The Celtic stories of Brigid seem to reach back into what some call the "Age of Taurus" where the bull and cattle is symbolic in many ways, from the origins of the farming culture, as currency and as a symbol of goddess blessings.
When the first abbess of Kildare, the one they eventually called Saint Brigid, died it is said that her skull was kept at Kildare. Pre-Christian customs revered the head as sacred, a relic of the Age Of Aries, perhas, that followed the Age Of Taurus. The Aries Age flowed into the Age Of Pisces, a time that Christianity and other major religions were born and the Piscean fish's head was worn by bishops.
When Norman soldiers ransacked Kildare, due to orders from the Bishop of Dublin in 1220, it is said some Norman soldiers stole Brigid's head from the abbey and sold in Portugal where it played a role in a Spring Cattle Ceremony. Even this roundabout trade found her in a place to be symbolic of cattle.
the passing of Brigid
St Brigid's death is said to be somewhere between 521 and 528, indicating she lived well into her 70s.
Her date of passing is also said to be February 1st, which again does not make sense due to that time not using the Gregorian calendar we use today.
Brigid's monastic partner Conleth passed away a few years earlier in 519 AD after being mauled by a wild animal.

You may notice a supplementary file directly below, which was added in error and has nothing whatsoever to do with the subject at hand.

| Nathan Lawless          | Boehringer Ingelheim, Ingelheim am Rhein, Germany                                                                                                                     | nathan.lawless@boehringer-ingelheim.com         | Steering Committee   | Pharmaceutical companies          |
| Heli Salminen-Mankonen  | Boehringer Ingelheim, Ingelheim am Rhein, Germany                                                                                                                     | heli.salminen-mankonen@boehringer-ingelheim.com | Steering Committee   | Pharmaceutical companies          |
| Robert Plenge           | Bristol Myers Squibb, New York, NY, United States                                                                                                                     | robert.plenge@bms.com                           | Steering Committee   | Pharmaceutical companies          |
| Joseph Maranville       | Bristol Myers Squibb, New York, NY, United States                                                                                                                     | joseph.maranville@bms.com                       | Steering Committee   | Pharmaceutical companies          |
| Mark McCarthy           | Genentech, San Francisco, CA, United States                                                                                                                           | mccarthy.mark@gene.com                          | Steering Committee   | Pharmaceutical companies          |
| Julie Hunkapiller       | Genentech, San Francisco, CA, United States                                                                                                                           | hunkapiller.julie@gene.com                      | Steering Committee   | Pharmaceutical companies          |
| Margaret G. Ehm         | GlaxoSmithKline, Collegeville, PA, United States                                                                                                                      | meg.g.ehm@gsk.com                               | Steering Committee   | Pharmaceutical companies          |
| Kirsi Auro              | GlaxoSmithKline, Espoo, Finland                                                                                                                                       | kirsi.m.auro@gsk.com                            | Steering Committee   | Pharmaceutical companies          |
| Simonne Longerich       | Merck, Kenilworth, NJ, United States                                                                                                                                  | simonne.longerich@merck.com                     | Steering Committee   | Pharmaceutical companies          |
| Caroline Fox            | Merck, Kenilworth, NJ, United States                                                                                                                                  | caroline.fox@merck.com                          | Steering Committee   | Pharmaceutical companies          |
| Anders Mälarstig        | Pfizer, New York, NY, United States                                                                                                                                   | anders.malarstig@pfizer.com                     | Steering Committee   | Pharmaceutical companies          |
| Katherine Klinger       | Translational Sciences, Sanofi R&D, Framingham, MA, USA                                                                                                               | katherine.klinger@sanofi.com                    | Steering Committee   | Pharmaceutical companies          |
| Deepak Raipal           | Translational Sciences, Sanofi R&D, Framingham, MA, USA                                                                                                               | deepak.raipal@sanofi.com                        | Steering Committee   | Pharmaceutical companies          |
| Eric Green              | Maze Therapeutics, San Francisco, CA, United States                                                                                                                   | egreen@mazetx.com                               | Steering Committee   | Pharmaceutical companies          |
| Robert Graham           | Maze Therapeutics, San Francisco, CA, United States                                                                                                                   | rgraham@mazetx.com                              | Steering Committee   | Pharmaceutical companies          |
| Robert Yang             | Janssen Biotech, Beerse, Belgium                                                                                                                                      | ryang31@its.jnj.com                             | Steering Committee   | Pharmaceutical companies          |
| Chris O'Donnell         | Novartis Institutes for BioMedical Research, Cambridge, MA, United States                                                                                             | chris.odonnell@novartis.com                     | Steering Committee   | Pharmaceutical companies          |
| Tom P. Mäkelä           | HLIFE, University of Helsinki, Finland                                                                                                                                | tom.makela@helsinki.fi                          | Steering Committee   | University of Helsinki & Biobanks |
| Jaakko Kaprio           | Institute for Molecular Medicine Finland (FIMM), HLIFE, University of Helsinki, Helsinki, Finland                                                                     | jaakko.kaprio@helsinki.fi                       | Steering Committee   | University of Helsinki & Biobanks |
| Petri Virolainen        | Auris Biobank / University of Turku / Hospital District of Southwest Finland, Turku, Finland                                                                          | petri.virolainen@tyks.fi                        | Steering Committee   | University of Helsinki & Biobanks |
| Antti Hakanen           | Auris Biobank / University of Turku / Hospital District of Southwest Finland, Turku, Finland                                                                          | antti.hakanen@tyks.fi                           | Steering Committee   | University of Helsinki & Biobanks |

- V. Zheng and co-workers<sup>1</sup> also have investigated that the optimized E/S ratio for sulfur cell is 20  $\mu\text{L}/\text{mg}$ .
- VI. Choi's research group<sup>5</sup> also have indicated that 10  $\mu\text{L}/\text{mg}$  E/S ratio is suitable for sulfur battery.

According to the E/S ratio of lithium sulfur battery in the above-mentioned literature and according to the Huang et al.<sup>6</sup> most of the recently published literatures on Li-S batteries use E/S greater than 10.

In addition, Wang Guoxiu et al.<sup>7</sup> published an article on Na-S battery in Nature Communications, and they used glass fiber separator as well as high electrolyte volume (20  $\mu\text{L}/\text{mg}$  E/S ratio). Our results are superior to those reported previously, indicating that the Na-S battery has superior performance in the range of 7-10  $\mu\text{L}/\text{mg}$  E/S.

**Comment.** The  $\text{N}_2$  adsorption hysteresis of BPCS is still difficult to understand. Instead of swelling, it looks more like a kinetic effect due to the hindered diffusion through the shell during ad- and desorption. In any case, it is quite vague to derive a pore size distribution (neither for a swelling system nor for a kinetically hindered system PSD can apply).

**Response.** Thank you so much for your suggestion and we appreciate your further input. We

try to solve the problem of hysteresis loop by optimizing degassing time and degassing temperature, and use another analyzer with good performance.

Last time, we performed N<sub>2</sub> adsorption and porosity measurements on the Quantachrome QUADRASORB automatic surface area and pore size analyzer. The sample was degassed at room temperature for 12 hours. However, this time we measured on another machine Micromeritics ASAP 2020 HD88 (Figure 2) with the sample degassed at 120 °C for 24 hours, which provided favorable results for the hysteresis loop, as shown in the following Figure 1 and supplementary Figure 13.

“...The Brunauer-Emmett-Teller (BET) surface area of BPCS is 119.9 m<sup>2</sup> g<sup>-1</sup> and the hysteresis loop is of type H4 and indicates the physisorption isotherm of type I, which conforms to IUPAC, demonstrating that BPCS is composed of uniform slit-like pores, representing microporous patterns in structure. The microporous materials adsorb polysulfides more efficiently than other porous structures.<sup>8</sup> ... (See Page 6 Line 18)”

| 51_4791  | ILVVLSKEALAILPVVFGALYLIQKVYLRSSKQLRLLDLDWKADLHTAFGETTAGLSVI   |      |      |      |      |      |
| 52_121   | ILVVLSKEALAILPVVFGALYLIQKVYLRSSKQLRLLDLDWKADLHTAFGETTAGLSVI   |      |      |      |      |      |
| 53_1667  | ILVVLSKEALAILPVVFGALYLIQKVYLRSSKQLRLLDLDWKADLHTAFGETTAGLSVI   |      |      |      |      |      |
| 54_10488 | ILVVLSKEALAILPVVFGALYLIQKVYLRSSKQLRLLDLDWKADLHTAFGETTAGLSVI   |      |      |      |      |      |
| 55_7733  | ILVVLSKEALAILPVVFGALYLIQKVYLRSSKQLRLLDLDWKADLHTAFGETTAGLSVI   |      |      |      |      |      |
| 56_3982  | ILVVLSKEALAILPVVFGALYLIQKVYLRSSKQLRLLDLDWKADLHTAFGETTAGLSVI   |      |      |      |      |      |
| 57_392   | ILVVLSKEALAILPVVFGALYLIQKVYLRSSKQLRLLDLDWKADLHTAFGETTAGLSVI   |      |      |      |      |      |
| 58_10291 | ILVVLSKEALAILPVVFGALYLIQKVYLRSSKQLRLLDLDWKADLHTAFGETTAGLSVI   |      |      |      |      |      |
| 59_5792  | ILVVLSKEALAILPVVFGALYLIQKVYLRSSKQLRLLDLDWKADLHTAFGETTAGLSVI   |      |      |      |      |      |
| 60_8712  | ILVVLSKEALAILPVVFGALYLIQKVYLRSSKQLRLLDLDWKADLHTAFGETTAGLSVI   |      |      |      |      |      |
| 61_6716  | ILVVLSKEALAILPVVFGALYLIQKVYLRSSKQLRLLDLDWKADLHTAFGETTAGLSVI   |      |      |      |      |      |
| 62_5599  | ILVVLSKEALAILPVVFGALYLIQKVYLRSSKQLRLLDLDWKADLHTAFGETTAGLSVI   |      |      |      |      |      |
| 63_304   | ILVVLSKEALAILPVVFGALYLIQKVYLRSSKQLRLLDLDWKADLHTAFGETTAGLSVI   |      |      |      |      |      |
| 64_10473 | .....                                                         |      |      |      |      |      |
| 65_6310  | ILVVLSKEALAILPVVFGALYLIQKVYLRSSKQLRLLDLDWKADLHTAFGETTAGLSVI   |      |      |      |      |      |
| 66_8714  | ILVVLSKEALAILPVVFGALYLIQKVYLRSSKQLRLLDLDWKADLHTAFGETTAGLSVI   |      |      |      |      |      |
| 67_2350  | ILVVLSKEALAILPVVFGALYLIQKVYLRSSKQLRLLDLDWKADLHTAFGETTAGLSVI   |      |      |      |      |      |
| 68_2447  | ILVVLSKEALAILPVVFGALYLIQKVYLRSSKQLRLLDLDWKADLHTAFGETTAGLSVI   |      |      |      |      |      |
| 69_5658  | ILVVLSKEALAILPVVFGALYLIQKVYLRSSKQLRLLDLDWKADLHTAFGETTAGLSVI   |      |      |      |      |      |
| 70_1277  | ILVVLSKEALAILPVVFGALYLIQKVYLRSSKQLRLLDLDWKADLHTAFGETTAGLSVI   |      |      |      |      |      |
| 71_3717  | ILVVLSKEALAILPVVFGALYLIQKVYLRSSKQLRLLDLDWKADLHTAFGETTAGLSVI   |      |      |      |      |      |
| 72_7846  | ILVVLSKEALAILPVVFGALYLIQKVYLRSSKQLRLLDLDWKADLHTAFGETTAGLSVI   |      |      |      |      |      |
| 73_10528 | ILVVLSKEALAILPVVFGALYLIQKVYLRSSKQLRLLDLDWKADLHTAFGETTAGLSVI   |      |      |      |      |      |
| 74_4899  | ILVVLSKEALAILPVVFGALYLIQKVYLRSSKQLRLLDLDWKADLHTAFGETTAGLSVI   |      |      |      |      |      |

As I mentioned above, the first Life of St Brigid was written not much later than 650, well over 100 years after her death.
The Annals of Kildare record that in the year 836 the Danes destroyed the town of Kildare, plundered the abbey and carried off the shrines of St Brigid and St Conleth.
Another story tells of the remains of St. Brigid being moved the year before for safe keeping in Down. With a couple of year the Danes were also attacking Down. Some say Brigid's remains were then taken to a secret location.
In 1185 St. Malachym bishop of Down, was told of this secret location and moved Brigid's remains back to Down Cathedral.
Through orders in the reign of Henry VIII her shrine was ransacked and remains scattered, but somehow Brigid's head reached and still rests in Portugal, in Lumiar, near Lisbon. Farmers around there still regard St Brigid as their special patroness.
During the life of Brigid, there were 20 fire keepers, including herself.
After her passing the fire keepers remained as 19 women.
Each of the nineteen nuns took their turns at night and on the twentieth night the nineteenth nun puts the logs on the fire and the spirit of St Brigid would miraculously tends the fire through the night, so that it would never goes out.
For about the first 700 years of the fire it is said that the ashes had never had to be cleaned out and they never increased. Then Henry of London, the Norman arch-bishop of Dublin, ordered the Kildare fire to be extinguished as he considered the tending of it to be un-Christian. Every time it was extinguished, the local re-lit it.
After a few weeks this order was scrapped and the fire remained alight and until a more permanent extinguishing during the Reformation. around 1560.
Brigidine Sisters arrived back in Kildare in 1993 and re-kindled the Brigid Flame, the Perpetual Flame, in the Market Square, Kildare, firs lit again by by Mary Teresa Cullen, the leader of the Brigidine Sisters then. Since then, the Brigidine Sisters in Kildare have tended the flame in their Centre, Solas Bhride.